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What’s next for Italy? The post-election scenarios

Italy’s general election has resulted in a hung parliament in which no single party or coalition commands an overall majority, leaving few options for any new government.

The prospect of a grand coalition between Silvio Berlusconi’s Forza Italia (Go Italy) party and the ruling centre-left Democratic Party, envisaged before the vote, is no longer feasible after the two underperformed on election night.

The results leave the populist Five Star Movement (M5S) and the far-right League party in the driving seat as the country looks to cobble together a government with a working majority.

Here are three possible scenarios.

Right-wing coalition

The coalition formed of far-right groups and Silvio Berlusconi’s centre-right Forza Italiaparty took 37 percent of the vote, the leading bloc in the poll.

In a stinging defeat for Berlusconi, the anti-immigrant League party headed by Matteo Salvini emerged as the strongest movement within the coalition, taking almost 18 percent of the vote compared to Berlusconi’s 14 percent.

The bloc is short of an absolute majority but, speaking after the vote, Salvini said it had the “right and the duty” to govern the country. The eurosceptic also staked his claim for leadership saying that the leading party in the coalition should nominate the future premier.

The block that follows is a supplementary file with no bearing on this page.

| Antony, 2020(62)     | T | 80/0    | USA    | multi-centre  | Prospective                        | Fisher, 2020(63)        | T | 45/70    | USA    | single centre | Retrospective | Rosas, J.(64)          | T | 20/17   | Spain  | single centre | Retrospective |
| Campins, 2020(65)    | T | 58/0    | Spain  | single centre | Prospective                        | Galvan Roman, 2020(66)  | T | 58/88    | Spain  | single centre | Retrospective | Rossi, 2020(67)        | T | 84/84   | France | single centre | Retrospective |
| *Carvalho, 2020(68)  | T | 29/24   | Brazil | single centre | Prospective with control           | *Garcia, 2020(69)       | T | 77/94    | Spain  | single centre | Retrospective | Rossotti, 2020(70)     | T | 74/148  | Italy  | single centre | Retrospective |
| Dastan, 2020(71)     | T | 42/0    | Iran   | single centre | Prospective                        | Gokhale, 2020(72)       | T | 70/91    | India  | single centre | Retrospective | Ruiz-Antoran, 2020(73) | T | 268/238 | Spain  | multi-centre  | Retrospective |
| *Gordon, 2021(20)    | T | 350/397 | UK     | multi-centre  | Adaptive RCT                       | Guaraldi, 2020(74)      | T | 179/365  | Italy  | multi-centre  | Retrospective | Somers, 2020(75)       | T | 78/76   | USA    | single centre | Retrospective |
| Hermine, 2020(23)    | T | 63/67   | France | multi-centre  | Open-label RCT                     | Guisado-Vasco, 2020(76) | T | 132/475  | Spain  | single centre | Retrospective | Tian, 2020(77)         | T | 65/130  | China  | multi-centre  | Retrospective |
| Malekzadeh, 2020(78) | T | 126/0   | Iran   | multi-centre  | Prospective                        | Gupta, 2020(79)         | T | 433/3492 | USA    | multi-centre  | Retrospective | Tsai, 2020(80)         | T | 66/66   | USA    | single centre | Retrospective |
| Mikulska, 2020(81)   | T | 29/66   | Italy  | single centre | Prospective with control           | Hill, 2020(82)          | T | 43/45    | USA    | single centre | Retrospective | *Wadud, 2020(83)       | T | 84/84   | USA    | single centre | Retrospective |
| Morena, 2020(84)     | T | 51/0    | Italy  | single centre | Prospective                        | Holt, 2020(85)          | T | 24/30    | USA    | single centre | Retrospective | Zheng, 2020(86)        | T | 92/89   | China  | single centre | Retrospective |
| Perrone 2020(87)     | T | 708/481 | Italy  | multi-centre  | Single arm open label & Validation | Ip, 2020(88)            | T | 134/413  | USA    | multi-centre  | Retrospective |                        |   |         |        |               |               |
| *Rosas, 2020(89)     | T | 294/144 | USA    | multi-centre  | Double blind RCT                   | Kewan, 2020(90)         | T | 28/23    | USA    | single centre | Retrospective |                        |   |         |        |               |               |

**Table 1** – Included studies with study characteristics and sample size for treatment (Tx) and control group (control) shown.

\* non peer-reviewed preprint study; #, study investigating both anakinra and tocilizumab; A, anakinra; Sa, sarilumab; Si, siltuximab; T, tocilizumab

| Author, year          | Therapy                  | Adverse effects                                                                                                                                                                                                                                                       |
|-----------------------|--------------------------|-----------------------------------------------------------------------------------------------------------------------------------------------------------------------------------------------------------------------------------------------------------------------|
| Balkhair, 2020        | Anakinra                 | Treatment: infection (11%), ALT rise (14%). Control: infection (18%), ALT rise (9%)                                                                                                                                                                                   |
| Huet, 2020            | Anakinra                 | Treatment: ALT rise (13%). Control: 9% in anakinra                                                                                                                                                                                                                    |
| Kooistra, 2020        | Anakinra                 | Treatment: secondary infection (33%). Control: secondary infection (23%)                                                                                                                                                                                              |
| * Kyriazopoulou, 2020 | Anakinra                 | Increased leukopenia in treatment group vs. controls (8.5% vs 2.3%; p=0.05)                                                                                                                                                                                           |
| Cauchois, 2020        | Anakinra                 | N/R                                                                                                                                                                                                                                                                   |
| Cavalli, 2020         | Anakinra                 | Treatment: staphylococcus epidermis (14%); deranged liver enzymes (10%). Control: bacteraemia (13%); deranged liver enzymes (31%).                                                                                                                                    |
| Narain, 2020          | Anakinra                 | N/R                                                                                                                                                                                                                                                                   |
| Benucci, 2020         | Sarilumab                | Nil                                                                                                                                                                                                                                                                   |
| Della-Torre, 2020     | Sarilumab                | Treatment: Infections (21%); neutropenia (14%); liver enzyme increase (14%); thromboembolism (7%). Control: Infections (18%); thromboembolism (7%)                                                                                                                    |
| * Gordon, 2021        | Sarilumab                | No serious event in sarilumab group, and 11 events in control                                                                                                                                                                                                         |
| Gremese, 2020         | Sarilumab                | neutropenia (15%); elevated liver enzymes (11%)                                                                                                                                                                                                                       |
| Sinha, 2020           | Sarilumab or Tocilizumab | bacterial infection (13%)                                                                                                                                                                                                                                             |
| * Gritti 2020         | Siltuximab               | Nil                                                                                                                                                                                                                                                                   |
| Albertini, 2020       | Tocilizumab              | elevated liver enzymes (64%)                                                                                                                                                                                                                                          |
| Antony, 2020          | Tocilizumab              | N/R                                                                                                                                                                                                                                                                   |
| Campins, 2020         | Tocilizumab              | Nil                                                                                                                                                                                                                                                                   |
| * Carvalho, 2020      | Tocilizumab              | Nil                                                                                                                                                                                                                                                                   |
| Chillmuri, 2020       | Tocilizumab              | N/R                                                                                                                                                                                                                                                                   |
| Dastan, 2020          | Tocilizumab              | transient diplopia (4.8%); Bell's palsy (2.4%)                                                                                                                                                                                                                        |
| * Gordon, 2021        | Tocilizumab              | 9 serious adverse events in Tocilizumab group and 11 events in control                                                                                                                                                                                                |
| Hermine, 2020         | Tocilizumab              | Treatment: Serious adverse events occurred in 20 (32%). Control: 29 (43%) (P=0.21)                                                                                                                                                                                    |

Five Star alliance

The maverick populist Five Star Movement (M5S) was the night’s success story, sweeping Italy’s south to become the single leading party in terms of votes.

Founded in 2009, the anti-establishment party has experienced a meteoric rise to prominence, riding on a wave of anger and frustration against Italy’s traditional parties.

Its sharp-suited 31-year-old leader Luigi di Maio said he “felt the responsibility to form a government for Italy” after clinching 32 percent of the vote.

Having previously ruled out forming alliances, Di Maio said the party was ready to open discussions “with all political actors” to help form a majority in parliament.

Given its heated rivalry with the Democratic Party and Berlusconi, M5S’s most likely ally looked to be the eurosceptic League.

However, Salvini swiftly ruled out the prospect of forming a coalition with the M5S.

“N.O. No, underlined three times,” Salvini told reporters.


If there is no clear majority, President Sergio Mattarella could choose to leave in place the current centre-left government of Prime Minister Paolo Gentiloni.

This would allow time to set up a temporary government to reform the electoral law and organise new elections.

But the process would take time as consultations could only start after parliament’s newly-elected lawmakers meet for the first time on March 23rd to elect speakers of the two houses of parliament.

After a stalemate following Italy’s last election in 2013, it took more than two months to form a government.



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